In the 1950s, the camp was donated to the Roman Catholic Diocese by the Hatch family. It was originally offered to the Church of Jesus Christ of Latter-day Saints and then Utah State University, but neither of them were interested in the property. It was renamed St. Anns retreat by the Church, and it was used as a vacation spot for nuns from Sisters of the Holy Cross and the Benedictines in Salt Lake City. In the 1980s, it became a youth summer camp for the Boys Club of Weber and Salt Lake Central City Community Center. It was sold for private ownership in the 1993. Hatchs Camp was added to the National Register of Historic Places on December 27, 2006.
The camp is located 8.3 miles up Logan Canyon, Cache County, Utah, 10 miles from the city of Logan. The land is on the grounds of Cache National Forest.
The vacation compound includes 21 buildings and structures, including two main lodges, six smaller cabins, a playhouse, a pool house and generator house, along with a fireplace, fire pit, fountain, bridge and swimming pool. At one time, it also was home to a small theater with an adjoining ticket booth. There was originally a horse stable, but it was demolished. Pine Glenn Cove is one of the largest private camps in Logan Canyon and the only one with a swimming pool.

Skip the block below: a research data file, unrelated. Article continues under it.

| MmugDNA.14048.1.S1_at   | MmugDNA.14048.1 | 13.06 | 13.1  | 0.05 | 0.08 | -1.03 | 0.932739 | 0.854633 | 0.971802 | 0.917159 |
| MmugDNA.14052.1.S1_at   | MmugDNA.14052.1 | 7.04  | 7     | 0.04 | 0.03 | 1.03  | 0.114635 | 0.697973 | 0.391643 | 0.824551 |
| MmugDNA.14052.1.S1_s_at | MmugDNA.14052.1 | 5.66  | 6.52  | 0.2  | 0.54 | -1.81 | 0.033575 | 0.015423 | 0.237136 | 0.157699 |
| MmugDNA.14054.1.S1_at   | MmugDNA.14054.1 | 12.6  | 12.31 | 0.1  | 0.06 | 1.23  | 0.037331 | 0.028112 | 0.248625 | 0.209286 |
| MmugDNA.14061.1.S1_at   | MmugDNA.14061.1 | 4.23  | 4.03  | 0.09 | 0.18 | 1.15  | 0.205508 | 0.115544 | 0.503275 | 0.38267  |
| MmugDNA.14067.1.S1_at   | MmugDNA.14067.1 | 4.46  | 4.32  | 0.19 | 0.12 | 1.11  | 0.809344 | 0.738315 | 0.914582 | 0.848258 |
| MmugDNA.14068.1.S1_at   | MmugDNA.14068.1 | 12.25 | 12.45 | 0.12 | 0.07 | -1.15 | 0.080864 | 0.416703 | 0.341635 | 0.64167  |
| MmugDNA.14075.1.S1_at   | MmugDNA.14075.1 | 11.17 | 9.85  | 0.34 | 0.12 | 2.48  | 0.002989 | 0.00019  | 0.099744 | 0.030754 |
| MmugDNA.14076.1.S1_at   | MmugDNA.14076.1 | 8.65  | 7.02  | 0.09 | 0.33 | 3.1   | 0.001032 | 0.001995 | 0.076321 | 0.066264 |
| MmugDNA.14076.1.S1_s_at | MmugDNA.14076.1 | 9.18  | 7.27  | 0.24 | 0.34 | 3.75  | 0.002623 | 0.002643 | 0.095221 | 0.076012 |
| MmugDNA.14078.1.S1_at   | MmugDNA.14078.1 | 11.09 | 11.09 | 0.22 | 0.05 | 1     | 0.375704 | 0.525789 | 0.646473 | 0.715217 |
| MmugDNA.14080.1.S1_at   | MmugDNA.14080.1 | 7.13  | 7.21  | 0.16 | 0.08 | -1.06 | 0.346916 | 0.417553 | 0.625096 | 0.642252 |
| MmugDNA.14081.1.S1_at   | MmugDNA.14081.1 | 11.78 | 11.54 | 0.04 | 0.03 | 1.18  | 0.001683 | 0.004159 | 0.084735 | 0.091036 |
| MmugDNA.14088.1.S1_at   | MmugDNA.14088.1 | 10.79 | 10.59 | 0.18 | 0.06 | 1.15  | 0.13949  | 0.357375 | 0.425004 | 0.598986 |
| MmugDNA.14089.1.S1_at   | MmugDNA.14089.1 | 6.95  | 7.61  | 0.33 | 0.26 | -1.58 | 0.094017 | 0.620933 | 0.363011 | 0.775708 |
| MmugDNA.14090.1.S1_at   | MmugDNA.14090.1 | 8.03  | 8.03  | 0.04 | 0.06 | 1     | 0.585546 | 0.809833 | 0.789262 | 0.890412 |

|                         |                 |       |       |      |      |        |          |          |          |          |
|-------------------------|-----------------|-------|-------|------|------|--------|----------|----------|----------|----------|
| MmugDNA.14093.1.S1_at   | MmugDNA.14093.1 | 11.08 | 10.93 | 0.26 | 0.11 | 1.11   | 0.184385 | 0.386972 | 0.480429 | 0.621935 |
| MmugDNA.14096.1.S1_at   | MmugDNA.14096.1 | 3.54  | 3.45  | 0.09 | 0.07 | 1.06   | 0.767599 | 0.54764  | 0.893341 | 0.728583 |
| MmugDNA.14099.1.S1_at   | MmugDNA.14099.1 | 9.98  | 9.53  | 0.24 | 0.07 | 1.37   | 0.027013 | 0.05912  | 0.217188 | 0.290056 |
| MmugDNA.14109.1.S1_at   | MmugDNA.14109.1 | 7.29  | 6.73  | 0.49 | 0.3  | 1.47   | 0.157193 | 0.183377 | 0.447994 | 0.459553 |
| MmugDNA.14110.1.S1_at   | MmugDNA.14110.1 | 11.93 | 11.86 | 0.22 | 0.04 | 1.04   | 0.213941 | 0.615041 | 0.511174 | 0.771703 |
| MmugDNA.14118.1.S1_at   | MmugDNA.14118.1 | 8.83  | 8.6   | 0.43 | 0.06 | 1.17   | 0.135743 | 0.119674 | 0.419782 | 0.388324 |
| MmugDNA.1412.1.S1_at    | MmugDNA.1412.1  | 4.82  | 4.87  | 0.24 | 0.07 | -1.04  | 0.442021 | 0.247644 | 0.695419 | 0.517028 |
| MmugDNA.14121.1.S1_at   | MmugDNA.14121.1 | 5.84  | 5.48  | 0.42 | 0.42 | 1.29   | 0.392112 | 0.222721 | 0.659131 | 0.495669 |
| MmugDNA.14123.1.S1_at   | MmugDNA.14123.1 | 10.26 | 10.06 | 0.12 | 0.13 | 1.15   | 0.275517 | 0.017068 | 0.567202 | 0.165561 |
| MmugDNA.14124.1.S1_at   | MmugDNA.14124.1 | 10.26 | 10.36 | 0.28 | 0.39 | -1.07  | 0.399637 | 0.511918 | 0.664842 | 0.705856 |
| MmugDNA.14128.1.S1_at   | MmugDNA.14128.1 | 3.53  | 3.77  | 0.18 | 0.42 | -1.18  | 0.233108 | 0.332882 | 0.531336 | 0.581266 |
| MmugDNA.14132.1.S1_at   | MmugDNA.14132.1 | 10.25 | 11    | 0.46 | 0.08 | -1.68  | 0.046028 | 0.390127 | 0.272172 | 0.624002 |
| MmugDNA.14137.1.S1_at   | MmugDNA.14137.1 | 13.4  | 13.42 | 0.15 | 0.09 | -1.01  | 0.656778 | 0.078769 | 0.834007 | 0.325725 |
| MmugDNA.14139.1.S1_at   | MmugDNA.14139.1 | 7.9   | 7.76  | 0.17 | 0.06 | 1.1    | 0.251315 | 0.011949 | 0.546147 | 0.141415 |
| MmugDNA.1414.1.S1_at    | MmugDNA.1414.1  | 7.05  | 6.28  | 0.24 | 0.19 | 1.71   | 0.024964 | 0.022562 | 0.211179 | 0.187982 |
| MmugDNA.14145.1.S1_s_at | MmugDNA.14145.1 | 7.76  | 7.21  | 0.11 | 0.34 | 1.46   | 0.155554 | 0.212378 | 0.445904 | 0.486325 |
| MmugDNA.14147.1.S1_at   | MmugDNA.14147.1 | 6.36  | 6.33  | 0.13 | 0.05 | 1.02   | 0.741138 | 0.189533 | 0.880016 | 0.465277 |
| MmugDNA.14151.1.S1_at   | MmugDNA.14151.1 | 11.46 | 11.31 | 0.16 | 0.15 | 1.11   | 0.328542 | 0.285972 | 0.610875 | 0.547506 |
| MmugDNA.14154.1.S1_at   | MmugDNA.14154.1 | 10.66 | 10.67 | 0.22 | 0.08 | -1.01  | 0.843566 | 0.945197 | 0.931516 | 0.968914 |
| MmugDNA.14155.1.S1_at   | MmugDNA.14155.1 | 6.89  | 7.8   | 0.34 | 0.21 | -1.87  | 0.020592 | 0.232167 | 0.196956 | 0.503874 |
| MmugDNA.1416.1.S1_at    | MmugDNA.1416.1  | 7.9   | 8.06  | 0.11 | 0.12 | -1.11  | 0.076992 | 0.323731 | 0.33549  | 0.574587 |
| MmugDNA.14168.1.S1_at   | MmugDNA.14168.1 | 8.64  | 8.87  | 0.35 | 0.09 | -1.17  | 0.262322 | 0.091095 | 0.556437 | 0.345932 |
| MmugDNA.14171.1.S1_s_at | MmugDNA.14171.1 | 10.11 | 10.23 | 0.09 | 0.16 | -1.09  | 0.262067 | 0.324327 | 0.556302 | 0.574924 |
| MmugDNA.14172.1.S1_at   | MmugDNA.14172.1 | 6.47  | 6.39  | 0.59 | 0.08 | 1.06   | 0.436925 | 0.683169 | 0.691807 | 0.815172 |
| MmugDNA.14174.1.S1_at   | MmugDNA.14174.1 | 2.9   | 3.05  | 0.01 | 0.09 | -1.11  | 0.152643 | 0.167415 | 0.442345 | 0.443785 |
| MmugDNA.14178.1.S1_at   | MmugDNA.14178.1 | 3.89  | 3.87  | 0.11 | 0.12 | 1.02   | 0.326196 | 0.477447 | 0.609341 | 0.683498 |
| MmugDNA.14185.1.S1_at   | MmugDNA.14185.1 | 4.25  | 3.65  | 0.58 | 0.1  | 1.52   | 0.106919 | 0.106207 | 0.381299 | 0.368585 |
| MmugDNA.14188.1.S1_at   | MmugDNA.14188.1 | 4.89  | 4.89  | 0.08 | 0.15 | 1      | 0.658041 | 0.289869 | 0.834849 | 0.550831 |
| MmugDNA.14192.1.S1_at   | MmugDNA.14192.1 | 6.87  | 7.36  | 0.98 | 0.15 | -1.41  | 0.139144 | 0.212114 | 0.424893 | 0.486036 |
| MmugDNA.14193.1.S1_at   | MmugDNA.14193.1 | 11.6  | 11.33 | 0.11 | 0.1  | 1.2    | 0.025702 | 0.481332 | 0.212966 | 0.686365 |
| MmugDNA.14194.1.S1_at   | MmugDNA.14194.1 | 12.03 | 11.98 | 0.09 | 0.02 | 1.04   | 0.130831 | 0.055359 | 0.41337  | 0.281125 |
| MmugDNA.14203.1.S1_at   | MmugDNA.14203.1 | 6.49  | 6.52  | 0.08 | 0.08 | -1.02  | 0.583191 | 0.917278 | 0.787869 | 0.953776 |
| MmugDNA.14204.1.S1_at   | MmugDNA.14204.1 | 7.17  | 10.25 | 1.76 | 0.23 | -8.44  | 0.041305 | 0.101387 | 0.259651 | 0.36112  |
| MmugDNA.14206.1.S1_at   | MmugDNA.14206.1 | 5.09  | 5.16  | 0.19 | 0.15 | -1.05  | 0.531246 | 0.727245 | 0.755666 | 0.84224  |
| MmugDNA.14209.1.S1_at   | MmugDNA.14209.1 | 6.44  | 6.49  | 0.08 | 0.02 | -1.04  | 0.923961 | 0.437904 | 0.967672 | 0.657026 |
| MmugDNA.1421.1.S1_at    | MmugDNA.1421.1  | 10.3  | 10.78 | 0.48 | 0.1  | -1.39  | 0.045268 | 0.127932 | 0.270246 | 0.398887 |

Much folklore surrounds the camp, often citing that the retreat is haunted. While there is no record to support the claims, legend says nuns were sent there after becoming pregnant by monks or priests and would drown their babies in the swimming pool where you couldnt hear them cry. A more specific legend included a nun who drowned her baby to keep it a secret and then committed suicide. Childrens voices and an apparition of a woman dressed in black have reportedly been observed. Other subjects of legend include satanic worship and hell-hounds.